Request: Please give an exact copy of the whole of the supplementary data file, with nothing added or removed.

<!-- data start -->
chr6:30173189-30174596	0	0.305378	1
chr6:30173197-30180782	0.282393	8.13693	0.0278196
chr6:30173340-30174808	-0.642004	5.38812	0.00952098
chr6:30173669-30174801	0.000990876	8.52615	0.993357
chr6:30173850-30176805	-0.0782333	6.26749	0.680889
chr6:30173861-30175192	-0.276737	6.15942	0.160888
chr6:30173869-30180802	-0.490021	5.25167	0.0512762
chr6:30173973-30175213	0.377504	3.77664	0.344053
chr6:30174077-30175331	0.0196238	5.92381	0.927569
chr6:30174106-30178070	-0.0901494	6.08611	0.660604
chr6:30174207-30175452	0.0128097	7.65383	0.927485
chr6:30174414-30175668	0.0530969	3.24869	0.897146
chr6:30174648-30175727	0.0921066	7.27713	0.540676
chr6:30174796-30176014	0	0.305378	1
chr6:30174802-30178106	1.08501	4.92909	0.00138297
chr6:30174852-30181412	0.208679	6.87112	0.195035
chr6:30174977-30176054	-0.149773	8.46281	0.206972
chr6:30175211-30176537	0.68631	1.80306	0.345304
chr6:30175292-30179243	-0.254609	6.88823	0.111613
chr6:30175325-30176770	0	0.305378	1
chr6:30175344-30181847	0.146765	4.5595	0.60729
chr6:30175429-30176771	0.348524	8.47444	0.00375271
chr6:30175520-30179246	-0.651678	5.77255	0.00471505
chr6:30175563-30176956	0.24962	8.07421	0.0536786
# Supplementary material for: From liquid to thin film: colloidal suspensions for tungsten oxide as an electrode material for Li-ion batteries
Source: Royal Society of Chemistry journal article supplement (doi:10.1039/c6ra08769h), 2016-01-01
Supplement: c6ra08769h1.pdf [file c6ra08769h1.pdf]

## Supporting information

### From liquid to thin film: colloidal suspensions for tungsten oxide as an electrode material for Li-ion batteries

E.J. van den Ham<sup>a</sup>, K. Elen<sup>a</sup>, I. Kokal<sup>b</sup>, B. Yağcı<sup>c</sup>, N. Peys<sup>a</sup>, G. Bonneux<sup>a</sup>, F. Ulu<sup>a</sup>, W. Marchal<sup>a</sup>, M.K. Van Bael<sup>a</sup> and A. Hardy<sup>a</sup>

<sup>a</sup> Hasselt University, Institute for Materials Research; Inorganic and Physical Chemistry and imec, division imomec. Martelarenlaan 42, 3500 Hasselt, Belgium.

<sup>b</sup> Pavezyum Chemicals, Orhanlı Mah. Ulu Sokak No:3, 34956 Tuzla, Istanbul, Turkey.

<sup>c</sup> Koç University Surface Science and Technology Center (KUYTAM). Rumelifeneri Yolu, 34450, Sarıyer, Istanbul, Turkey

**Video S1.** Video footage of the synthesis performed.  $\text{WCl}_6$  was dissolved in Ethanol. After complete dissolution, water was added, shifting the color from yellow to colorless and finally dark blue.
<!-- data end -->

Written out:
chr6:30173189-30174596	0	0.305378	1
chr6:30173197-30180782	0.282393	8.13693	0.0278196
chr6:30173340-30174808	-0.642004	5.38812	0.00952098
chr6:30173669-30174801	0.000990876	8.52615	0.993357
chr6:30173850-30176805	-0.0782333	6.26749	0.680889
chr6:30173861-30175192	-0.276737	6.15942	0.160888
chr6:30173869-30180802	-0.490021	5.25167	0.0512762
chr6:30173973-30175213	0.377504	3.77664	0.344053
chr6:30174077-30175331	0.0196238	5.92381	0.927569
chr6:30174106-30178070	-0.0901494	6.08611	0.660604
chr6:30174207-30175452	0.0128097	7.65383	0.927485
chr6:30174414-30175668	0.0530969	3.24869	0.897146
chr6:30174648-30175727	0.0921066	7.27713	0.540676
chr6:30174796-30176014	0	0.305378	1
chr6:30174802-30178106	1.08501	4.92909	0.00138297
chr6:30174852-30181412	0.208679	6.87112	0.195035
chr6:30174977-30176054	-0.149773	8.46281	0.206972
chr6:30175211-30176537	0.68631	1.80306	0.345304
chr6:30175292-30179243	-0.254609	6.88823	0.111613
chr6:30175325-30176770	0	0.305378	1
chr6:30175344-30181847	0.146765	4.5595	0.60729
chr6:30175429-30176771	0.348524	8.47444	0.00375271
chr6:30175520-30179246	-0.651678	5.77255	0.00471505
chr6:30175563-30176956	0.24962	8.07421	0.0536786
# Supplementary material for: From liquid to thin film: colloidal suspensions for tungsten oxide as an electrode material for Li-ion batteries
Source: Royal Society of Chemistry journal article supplement (doi:10.1039/c6ra08769h), 2016-01-01
Supplement: c6ra08769h1.pdf [file c6ra08769h1.pdf]

## Supporting information

### From liquid to thin film: colloidal suspensions for tungsten oxide as an electrode material for Li-ion batteries

E.J. van den Ham<sup>a</sup>, K. Elen<sup>a</sup>, I. Kokal<sup>b</sup>, B. Yağcı<sup>c</sup>, N. Peys<sup>a</sup>, G. Bonneux<sup>a</sup>, F. Ulu<sup>a</sup>, W. Marchal<sup>a</sup>, M.K. Van Bael<sup>a</sup> and A. Hardy<sup>a</sup>

<sup>a</sup> Hasselt University, Institute for Materials Research; Inorganic and Physical Chemistry and imec, division imomec. Martelarenlaan 42, 3500 Hasselt, Belgium.

<sup>b</sup> Pavezyum Chemicals, Orhanlı Mah. Ulu Sokak No:3, 34956 Tuzla, Istanbul, Turkey.

<sup>c</sup> Koç University Surface Science and Technology Center (KUYTAM). Rumelifeneri Yolu, 34450, Sarıyer, Istanbul, Turkey

**Video S1.** Video footage of the synthesis performed.  $\text{WCl}_6$  was dissolved in Ethanol. After complete dissolution, water was added, shifting the color from yellow to colorless and finally dark blue.